Date of Award

Spring 2022

Degree Name

Bachelor of Arts


Educational Studies

First Advisor

Daniel Douglas

Second Advisor

Elise Castillo


This qualitative, phenomenological study was conducted to explore the lived experiences of Afghan women enrolled in higher education institutions in the United States. The objective was to develop an understanding of the participants’ perceptions of the factors that led to their enrolment in higher education and their educational experiences while in Afghanistan compared to the United States. Data were collected through remote interviews with seven participants. Findings of this study show that Afghan students in the United States, like other international students go through a series of integration and adaptation processes. These processes might take some longer than the others to get used to a new academic climate. The findings of this study also reveal that studying in the United States, Afghan students experienced a range of academic challenges (i.e., teaching methodologies, educational practices, language, class participation, etc.). They were also confronted with non-academic challenges (i.e., social, cultural, and psychological) that exacerbated their academic challenges in the United States. Despite the challenges, their education has been rewarding in the United States.

Afghanistan can be a vicious and cruel country to live in, especially for women and young girls. Most Afghan girls were not allowed to attend school even during the twenty years after the fall of the Taliban in 2001, and of those who did, only about a handful of them attended long enough to graduate. It was common for most girls to be forced out of attending school - many girls have been attacked and some have even been doused with acid. Now that the Taliban are back in power, Afghan women have already lost the minimal human rights they have had during the years 2001 to 2021.

To attend school as a woman in a country like Afghanistan takes lots of courage. Being an Afghan woman who was born and raised in Afghanistan for seventeen years, I have first-hand experience of how challenging it is to simply live in Afghanistan let alone getting an education. Afghan women have experienced harsh learning conditions, and the few who get a chance to study abroad have already gone through rough challenges in Afghanistan. Once they arrive in the United States, they are bewildered by how learning and education is valued in the western countries. They go through culture shock, academic challenges, psychological issues, social imbalance, and much more but, because they have seen worse circumstances and times when they were denied their universal right to getting an education, they understand that studying in the United States is an opportunity not many can have. They are aware that their fellow classmates are not even allowed to go to school. Therefore, when my research participants reflect on their educational journey in the United States as overall positive, they mean it could be way worse. It is not to disregard the countless challenges they go through while in the United States and the reality that it could be alleviated by thoughtful policies and practices by the study abroad programs and higher education policy makers.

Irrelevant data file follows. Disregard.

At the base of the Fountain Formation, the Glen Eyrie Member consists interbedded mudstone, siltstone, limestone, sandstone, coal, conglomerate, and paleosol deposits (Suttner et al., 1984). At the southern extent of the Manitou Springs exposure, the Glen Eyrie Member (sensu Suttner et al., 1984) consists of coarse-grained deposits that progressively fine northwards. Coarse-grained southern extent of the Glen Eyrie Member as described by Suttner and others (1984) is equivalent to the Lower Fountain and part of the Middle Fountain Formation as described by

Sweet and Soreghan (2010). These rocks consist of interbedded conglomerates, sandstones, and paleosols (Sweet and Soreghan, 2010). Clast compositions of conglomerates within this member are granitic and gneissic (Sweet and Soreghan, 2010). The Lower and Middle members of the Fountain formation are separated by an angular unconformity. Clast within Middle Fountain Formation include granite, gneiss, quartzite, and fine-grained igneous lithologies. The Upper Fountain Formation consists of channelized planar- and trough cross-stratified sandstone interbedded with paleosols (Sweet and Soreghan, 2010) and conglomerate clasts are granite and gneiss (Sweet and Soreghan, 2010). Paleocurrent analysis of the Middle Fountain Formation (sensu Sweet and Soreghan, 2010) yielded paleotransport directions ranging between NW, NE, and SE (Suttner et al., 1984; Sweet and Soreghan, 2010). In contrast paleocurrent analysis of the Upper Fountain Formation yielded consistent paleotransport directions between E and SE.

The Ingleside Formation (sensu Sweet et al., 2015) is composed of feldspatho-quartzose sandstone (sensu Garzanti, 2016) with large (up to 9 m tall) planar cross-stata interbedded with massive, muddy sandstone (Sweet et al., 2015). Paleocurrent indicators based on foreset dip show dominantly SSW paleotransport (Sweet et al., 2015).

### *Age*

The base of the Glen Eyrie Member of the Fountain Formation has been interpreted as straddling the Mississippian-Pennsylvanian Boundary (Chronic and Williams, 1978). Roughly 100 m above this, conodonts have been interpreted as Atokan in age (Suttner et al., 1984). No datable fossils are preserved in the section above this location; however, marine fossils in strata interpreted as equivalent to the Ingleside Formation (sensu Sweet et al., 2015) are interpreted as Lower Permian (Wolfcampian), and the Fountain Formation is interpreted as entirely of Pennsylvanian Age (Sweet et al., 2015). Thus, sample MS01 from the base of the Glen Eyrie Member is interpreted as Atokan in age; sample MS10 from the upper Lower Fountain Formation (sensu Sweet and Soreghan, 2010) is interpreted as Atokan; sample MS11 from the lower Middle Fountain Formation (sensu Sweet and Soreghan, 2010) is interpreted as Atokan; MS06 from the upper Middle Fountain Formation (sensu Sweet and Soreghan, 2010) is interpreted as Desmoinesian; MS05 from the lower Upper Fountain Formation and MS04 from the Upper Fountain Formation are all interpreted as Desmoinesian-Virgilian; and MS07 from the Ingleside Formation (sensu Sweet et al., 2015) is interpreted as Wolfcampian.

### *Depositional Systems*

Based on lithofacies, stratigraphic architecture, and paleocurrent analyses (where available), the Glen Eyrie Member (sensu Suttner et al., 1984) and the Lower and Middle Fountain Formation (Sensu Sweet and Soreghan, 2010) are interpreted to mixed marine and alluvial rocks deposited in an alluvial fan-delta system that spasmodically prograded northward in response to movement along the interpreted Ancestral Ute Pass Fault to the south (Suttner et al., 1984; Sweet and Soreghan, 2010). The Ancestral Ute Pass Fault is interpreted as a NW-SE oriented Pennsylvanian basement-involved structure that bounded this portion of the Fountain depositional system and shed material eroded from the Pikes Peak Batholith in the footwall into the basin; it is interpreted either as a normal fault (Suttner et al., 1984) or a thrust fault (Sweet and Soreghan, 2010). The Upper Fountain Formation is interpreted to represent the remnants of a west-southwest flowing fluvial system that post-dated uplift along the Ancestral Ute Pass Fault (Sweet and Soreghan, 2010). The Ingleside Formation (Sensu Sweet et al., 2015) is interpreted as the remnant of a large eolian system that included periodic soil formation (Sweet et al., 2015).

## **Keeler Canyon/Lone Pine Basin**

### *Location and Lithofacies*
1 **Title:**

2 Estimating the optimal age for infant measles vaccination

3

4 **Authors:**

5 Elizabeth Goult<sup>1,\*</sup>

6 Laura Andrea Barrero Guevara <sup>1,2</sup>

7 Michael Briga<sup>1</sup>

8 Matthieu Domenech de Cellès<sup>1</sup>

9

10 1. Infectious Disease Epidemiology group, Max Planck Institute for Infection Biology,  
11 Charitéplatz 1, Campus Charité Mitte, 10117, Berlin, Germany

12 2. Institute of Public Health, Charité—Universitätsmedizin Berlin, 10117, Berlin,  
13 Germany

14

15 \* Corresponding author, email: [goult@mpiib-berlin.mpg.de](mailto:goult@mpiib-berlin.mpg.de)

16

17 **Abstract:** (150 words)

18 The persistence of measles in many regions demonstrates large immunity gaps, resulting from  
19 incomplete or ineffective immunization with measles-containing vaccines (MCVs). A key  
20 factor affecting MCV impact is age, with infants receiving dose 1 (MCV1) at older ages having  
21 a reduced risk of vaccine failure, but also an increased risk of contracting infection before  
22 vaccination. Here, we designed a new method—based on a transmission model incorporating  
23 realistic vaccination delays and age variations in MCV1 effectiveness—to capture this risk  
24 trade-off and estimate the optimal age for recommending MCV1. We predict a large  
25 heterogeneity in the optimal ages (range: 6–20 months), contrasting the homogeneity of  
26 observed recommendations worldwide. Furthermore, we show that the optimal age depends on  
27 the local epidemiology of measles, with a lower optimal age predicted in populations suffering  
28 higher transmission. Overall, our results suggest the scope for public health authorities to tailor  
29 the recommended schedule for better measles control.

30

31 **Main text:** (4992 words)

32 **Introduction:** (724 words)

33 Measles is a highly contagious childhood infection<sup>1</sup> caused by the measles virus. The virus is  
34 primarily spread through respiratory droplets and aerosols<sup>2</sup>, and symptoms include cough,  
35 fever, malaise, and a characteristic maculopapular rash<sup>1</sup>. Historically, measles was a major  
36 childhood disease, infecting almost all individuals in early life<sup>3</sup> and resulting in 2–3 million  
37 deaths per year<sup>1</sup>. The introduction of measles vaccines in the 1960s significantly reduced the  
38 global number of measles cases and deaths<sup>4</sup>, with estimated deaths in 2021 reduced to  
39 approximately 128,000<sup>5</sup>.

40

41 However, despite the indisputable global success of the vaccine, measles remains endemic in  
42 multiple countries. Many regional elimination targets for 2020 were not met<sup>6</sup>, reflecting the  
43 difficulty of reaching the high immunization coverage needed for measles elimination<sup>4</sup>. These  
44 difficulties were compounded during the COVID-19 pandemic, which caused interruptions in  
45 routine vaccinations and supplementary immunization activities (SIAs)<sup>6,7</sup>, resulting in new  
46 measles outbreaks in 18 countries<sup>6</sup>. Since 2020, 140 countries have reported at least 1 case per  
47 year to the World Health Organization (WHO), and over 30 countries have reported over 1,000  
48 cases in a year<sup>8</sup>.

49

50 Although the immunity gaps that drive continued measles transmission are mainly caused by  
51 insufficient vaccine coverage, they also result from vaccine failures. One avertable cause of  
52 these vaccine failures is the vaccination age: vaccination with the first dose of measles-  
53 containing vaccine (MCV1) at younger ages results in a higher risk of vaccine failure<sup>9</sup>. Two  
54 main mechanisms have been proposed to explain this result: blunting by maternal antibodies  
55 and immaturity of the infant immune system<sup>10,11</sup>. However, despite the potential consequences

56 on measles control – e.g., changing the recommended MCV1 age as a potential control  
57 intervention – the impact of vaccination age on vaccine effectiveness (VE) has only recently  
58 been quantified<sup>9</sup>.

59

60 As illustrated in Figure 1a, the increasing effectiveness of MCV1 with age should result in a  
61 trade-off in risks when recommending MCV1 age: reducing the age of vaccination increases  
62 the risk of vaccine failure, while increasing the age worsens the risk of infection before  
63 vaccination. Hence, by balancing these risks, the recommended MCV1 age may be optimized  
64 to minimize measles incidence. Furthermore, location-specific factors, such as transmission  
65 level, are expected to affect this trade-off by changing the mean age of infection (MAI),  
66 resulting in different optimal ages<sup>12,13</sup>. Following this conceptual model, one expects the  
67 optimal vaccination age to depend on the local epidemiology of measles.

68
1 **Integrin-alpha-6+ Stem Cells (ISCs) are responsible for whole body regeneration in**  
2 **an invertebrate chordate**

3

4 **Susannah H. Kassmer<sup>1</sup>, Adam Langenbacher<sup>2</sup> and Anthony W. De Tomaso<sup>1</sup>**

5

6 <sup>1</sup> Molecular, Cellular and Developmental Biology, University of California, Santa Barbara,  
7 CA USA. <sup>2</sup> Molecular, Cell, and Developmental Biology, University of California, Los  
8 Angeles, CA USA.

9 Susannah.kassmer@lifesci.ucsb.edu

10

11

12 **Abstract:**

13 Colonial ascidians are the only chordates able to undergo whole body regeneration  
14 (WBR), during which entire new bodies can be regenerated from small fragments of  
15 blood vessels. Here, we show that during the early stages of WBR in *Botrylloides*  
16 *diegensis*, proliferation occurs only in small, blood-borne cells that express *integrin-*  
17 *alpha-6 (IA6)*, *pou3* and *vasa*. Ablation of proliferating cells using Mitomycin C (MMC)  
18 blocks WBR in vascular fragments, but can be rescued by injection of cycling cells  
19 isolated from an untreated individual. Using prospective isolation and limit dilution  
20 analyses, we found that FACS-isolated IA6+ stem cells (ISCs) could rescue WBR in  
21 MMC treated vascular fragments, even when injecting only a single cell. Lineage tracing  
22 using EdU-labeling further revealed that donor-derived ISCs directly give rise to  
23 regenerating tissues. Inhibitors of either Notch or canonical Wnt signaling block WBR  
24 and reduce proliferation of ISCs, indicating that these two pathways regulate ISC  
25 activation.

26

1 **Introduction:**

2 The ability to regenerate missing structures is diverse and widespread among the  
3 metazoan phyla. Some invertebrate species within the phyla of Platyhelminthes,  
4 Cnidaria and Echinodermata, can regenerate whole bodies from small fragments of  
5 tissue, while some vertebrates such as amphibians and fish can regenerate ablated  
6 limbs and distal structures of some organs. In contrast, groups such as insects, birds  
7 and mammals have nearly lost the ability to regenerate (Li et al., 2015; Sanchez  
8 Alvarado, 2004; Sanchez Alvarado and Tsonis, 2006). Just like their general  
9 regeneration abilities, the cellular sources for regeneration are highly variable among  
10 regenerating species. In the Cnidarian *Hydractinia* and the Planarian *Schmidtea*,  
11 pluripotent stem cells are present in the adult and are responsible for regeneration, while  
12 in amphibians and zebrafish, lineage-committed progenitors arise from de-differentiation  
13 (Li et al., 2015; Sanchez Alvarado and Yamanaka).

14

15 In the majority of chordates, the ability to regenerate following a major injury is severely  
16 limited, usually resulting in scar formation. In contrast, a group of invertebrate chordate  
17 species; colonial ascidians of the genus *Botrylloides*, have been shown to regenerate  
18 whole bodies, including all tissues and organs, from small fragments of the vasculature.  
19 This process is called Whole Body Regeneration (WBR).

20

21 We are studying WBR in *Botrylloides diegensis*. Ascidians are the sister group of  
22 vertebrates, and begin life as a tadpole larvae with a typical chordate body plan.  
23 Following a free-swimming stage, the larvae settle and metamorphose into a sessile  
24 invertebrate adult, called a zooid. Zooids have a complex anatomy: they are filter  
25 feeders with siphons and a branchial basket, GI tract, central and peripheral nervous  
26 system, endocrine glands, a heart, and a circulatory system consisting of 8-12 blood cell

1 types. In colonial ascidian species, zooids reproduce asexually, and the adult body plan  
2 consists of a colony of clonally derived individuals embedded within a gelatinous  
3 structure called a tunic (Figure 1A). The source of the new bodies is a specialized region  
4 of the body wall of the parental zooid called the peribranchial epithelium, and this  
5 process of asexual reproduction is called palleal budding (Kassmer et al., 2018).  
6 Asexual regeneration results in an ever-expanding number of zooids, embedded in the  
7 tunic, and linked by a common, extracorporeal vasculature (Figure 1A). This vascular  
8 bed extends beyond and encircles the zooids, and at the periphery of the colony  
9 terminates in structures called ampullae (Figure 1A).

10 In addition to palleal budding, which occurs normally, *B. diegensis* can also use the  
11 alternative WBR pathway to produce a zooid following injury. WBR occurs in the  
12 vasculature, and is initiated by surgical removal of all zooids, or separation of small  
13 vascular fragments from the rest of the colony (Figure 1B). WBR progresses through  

Senior project completed at Trinity College, Hartford CT for the degree of Bachelor of Arts in Educational Studies.